New Posts  All Forums:Forum Nav:

Snowboards & Speed

post #1 of 24
Thread Starter 
I thought this was slightly interesting, in light of the earlier "which is faster, skis or snowboards?" thread.

Apparently, they allowed a snowboarder to enter two Masters Super Gs in Oregon last winter. A guy in his late 30s, with the full set-up: hard carving boots, etc.

How did he do?

Second to last in both races. He beat the same skier both times: a guy in Class 12 (80-84 years old). Relative to skiers of his own age, he was a tad slow ... over 40 seconds out of first place in both races.

I doubt the result comes as a surprise to anyone, but I thought it was fairly dramatic.
post #2 of 24
So what's your point?

How do we know about the snowboarder's overall racing ability?

He may not of been that good to begin with.

I recall that in last years Jeep King of the Mountain series, the professional snowboard racers like Jasey Jay Anderson and Chris Klug were only a few hundreds of a second slower that the fastest professional ski racers.

The truth is that the best ski racers are faster that the best snowboard racers, but not by much.

The truth is also that any world cup level snowboard racer would absolutely destroy any of the posters on this forum in a GS race.
post #3 of 24
that's quite a sweeping statement considering some of the visitors to this site! feel the need to edge my 2v's...
post #4 of 24
Quote:
Originally Posted by TJ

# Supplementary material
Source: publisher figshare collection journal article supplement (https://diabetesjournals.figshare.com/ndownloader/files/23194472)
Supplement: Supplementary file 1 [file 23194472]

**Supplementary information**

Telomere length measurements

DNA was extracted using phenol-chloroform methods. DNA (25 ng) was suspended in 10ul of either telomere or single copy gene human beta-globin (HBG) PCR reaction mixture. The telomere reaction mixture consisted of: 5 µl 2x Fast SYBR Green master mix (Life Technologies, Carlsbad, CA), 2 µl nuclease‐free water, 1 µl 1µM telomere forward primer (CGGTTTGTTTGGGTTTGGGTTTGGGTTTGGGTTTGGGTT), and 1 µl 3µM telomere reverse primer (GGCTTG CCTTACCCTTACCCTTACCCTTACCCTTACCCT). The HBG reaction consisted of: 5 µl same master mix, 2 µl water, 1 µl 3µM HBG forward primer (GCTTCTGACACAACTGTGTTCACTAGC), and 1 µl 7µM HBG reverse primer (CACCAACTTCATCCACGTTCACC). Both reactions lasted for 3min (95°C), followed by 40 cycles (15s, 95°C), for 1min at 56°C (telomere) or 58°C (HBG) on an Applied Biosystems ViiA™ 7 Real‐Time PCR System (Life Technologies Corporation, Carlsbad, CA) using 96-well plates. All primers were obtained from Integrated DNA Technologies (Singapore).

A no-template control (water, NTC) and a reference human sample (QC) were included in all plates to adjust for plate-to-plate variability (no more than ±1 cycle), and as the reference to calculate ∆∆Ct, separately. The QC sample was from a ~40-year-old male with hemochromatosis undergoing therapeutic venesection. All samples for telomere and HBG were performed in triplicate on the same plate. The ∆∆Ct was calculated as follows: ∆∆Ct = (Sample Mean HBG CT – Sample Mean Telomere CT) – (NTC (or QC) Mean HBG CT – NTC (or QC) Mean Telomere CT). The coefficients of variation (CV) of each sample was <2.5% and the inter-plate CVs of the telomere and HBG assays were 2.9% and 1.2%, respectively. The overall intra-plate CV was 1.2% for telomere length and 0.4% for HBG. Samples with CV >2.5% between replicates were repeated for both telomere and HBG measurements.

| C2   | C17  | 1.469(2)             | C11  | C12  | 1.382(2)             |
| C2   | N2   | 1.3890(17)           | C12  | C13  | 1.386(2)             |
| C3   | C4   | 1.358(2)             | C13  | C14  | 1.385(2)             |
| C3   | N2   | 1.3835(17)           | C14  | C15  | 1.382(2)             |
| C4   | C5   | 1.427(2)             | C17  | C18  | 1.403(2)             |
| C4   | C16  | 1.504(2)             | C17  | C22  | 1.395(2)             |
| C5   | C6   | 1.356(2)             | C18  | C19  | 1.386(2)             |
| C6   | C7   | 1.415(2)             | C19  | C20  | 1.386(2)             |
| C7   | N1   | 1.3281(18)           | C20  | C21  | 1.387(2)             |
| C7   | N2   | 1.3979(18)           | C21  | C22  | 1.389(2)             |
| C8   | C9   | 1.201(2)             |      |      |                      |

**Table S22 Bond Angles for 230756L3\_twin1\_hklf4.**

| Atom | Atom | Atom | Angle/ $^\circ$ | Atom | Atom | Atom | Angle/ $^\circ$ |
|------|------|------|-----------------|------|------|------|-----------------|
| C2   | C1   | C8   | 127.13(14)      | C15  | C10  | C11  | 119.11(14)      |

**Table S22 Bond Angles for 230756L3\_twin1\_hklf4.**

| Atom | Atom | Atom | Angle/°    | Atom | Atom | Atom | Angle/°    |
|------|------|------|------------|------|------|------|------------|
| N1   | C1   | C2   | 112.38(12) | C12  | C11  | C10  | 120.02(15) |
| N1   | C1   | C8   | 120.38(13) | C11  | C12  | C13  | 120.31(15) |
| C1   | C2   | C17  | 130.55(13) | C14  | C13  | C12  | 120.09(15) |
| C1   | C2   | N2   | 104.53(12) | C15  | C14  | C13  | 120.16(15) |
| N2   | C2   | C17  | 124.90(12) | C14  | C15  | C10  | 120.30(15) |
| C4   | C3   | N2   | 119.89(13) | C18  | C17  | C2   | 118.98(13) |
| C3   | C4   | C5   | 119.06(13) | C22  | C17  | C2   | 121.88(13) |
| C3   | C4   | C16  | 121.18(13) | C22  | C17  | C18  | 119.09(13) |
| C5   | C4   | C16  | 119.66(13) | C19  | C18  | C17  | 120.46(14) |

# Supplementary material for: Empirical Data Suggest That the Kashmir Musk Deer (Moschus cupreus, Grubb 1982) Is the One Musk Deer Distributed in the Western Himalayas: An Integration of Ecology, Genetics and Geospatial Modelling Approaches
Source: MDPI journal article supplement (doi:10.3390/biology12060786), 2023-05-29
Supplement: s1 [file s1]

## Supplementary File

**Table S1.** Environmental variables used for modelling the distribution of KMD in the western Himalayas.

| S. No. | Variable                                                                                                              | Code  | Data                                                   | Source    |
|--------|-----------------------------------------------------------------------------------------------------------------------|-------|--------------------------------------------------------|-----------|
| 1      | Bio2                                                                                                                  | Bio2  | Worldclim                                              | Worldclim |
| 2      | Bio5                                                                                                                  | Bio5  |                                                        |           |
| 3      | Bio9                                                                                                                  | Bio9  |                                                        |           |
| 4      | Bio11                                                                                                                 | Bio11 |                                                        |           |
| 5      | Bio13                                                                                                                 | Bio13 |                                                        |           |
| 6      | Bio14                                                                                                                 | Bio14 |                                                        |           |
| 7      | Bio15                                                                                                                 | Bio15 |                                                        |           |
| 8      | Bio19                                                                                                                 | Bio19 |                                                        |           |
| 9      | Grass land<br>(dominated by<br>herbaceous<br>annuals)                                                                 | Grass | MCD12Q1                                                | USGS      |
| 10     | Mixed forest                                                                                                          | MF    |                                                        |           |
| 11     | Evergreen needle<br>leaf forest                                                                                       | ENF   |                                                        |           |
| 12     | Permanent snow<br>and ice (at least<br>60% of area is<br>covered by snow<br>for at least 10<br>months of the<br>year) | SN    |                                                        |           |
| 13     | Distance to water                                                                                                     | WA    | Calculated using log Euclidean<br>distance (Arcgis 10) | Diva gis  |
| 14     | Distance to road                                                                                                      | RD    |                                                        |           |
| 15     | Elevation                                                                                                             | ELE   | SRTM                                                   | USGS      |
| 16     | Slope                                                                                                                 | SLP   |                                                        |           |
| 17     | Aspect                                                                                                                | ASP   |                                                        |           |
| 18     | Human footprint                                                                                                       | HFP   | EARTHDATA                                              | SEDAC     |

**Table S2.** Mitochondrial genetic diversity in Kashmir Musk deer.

The truth is also that any world cup level snowboard racer would absolutely destroy any of the posters on this forum in a GS race.
You've based this "truth" on what?

A world cup winning snowboarder may be able to beat most of the posters on here, but I don't believe that they would 1. beat all of them or 2. absolutely destroy them.

I don't like dealing in absolutes when it comes to sport, and unless you've already raced with some of the faster people on here, I suggest you shouldn't either.
post #5 of 24
well said mr. fox.
post #6 of 24
The truth being the 99.9% of the posters on this site are wannabes who like to talk about how good they are, but in reality are nothing but intermediates at best.

Of all the posters here, how many have raced J5-J1, college level, and masters?? Only a handful, including myself.

How many here can honestly say they spent over 100 days per year on the snow, both coaching and racing?

A lot of people here like to talk the talk, but cant walk the walk.

Christ, a lot of people here spend more time POSTING than they do actually skiing/riding.

Even mentioning their name in the same breath with ANY world cup level skier or rider just makes me laugh.
post #7 of 24
OK, TJ, I'm not claiming to be an ex-Olympian, or on the demo team, and I'm sure any racer could beat me in a race. What I'm saying is, you made a blanket statement which I believe is false, and if you checked out a few of the posters on here (perhaps up to 10% of them) you might be surprised. And, don't rule out countries other than the USA for people who post on here.
post #8 of 24
Thread Starter 
Quote:
Originally Posted by TJ
So what's your point?

How do we know about the snowboarder's overall racing ability?

He may not of been that good to begin with.